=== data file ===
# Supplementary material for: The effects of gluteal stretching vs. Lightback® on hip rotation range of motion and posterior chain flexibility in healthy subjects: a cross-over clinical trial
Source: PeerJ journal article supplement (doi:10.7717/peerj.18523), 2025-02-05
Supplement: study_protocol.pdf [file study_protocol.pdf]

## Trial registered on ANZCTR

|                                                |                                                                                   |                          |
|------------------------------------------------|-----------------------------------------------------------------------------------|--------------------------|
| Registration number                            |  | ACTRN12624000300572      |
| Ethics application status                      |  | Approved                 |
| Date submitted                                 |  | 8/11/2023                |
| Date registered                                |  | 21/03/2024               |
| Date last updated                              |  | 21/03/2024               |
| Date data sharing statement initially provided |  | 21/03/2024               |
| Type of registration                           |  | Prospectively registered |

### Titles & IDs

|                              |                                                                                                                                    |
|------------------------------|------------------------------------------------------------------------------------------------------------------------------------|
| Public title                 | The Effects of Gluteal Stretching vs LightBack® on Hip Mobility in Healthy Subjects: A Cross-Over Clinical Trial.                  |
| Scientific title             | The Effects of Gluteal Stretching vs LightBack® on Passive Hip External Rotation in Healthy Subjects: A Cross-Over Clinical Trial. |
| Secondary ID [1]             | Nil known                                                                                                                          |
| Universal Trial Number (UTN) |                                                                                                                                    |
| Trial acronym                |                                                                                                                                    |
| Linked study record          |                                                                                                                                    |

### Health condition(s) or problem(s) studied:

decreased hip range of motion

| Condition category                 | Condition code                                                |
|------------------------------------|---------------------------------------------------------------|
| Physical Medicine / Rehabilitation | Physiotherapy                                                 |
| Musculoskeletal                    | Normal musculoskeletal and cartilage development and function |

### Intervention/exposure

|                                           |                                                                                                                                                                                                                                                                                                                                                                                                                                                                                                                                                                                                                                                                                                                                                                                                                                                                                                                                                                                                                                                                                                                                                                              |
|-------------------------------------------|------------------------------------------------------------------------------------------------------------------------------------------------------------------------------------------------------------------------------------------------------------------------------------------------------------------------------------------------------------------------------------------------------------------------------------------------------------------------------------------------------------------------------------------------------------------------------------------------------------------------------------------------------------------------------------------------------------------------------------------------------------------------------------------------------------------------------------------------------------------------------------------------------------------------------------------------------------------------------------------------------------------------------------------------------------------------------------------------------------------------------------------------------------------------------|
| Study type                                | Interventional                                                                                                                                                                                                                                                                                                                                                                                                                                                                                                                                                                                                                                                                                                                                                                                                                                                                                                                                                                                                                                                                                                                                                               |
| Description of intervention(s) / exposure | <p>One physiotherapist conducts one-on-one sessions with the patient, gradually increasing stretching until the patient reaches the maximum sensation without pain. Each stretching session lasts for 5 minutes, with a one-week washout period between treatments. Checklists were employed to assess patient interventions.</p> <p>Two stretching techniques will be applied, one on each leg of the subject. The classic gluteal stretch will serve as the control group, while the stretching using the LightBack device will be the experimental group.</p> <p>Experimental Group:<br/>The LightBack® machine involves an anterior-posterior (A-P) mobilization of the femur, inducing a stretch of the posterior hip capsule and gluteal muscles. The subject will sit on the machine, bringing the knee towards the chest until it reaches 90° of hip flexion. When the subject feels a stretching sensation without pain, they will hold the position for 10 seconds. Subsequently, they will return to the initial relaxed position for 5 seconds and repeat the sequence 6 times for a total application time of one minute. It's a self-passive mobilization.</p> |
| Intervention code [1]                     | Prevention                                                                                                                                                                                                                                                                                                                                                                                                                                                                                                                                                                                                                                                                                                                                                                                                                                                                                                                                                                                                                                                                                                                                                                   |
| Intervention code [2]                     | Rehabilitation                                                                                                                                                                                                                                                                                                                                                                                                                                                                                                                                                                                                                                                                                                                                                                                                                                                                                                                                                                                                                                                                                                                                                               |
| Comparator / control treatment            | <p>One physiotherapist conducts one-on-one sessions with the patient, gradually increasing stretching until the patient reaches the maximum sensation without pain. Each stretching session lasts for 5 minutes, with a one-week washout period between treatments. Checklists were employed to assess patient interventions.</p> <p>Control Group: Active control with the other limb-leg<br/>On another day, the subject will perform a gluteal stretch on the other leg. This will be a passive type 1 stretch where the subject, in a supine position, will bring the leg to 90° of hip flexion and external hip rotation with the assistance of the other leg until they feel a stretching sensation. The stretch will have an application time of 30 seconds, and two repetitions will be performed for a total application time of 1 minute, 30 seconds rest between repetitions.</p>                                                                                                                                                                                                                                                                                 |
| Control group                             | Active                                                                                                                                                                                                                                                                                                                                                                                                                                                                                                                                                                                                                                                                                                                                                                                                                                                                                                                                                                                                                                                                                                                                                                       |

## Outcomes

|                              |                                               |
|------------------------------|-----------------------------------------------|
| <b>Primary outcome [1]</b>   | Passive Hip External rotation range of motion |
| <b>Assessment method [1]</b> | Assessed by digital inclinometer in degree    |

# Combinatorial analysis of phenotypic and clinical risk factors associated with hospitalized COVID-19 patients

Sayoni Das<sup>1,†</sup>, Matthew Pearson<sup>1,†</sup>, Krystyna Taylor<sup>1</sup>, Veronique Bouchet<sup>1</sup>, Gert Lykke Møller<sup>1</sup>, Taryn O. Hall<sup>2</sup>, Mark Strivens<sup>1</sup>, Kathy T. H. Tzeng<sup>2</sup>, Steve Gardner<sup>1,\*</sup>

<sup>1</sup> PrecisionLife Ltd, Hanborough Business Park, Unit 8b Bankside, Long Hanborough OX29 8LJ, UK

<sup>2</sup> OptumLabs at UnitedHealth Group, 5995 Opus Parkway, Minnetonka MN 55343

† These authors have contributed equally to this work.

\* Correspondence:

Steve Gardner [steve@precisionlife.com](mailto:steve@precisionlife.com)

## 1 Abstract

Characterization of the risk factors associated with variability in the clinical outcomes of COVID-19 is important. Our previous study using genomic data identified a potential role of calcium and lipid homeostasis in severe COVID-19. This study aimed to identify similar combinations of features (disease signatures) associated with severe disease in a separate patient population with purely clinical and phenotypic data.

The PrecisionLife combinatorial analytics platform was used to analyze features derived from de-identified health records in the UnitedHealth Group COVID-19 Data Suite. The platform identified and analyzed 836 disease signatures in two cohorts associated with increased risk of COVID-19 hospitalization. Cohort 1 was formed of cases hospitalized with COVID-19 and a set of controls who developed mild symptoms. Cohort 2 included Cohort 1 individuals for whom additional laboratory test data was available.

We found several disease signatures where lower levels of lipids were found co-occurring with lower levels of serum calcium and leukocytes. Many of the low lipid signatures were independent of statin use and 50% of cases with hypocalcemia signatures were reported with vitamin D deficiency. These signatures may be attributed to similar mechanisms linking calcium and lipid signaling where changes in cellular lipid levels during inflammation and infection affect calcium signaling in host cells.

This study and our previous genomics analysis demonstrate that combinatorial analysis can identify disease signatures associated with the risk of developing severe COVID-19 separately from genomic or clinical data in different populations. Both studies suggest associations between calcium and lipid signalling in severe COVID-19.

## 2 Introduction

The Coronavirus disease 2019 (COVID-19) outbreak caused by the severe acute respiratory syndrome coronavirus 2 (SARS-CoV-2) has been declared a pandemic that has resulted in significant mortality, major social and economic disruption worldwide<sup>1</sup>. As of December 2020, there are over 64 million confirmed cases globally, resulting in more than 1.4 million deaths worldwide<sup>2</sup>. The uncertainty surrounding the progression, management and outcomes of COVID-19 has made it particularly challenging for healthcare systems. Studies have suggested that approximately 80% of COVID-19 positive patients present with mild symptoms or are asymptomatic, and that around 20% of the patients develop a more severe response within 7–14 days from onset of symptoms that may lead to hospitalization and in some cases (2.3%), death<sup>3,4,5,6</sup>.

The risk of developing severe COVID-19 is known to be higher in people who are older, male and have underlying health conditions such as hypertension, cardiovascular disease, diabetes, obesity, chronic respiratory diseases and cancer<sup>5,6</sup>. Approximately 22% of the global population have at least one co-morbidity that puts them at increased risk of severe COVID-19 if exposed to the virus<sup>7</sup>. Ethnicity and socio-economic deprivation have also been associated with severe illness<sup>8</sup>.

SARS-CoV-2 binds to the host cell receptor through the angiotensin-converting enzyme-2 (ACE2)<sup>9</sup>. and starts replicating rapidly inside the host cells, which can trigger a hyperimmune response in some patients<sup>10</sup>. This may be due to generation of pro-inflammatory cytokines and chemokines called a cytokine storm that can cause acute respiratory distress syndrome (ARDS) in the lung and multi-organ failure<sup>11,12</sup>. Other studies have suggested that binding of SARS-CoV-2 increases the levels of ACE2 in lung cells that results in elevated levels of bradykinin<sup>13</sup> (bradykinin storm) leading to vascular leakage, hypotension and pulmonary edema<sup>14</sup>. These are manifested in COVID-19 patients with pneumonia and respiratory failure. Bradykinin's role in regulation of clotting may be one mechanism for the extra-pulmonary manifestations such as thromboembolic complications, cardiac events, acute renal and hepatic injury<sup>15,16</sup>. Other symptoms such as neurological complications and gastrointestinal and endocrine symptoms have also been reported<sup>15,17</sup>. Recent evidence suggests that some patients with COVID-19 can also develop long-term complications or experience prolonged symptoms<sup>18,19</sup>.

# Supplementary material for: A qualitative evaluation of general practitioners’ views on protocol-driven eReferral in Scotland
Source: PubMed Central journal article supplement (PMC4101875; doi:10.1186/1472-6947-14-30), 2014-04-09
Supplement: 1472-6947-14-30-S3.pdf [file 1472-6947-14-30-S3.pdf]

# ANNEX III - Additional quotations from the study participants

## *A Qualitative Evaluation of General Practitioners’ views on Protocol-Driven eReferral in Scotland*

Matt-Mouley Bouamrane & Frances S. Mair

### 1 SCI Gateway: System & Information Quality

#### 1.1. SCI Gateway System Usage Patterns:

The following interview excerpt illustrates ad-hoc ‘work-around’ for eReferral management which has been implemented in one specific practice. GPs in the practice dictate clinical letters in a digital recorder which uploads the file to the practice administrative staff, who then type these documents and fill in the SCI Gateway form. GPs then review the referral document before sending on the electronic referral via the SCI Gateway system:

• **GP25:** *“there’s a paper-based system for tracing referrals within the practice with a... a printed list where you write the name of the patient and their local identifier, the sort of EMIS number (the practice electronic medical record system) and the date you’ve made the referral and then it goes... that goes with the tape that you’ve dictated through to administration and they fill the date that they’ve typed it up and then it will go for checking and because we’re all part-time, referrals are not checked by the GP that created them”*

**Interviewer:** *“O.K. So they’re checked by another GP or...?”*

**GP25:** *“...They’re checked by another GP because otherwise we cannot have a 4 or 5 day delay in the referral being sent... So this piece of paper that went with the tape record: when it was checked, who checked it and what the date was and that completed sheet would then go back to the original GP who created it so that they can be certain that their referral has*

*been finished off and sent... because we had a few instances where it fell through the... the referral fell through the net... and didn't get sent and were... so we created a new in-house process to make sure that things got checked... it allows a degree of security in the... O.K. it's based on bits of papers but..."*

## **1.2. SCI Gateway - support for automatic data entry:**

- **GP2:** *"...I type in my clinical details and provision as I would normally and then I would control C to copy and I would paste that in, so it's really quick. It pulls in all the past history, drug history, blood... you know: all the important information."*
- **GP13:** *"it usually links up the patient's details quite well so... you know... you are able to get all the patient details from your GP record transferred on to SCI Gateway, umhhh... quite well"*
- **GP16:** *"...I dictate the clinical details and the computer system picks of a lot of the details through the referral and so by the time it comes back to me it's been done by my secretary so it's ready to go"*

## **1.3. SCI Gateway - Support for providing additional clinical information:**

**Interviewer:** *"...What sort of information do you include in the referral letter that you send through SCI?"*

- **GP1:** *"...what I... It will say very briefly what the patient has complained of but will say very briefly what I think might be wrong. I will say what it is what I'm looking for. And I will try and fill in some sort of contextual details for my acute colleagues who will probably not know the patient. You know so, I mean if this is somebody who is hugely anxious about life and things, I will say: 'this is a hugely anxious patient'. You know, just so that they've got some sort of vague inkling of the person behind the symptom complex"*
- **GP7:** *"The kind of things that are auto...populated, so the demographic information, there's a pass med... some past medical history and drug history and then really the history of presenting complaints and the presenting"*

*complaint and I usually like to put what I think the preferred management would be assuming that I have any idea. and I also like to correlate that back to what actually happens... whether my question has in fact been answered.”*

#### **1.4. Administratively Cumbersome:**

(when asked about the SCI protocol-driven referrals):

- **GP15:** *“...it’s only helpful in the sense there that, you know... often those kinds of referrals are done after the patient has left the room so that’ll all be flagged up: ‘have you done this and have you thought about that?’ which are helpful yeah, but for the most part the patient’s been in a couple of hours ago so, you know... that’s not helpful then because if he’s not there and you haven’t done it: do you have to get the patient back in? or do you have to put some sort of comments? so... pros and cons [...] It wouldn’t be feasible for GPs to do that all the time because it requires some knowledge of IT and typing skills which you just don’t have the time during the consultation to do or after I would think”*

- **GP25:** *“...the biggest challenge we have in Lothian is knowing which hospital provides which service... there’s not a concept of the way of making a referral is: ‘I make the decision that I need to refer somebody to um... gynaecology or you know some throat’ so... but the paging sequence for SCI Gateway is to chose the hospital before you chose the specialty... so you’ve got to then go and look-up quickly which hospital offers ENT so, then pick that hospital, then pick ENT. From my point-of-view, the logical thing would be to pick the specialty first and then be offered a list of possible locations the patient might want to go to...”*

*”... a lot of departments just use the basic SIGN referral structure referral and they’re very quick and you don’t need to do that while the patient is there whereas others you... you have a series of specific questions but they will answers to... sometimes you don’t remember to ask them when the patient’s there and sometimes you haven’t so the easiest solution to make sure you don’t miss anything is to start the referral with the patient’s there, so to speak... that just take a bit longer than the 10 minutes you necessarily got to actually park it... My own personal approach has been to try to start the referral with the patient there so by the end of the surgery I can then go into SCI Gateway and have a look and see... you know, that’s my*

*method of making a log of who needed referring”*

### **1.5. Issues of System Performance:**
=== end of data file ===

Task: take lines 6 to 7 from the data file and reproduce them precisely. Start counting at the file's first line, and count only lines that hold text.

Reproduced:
|------------------------------------------------|-----------------------------------------------------------------------------------|--------------------------|
| Registration number                            |  | ACTRN12624000300572      |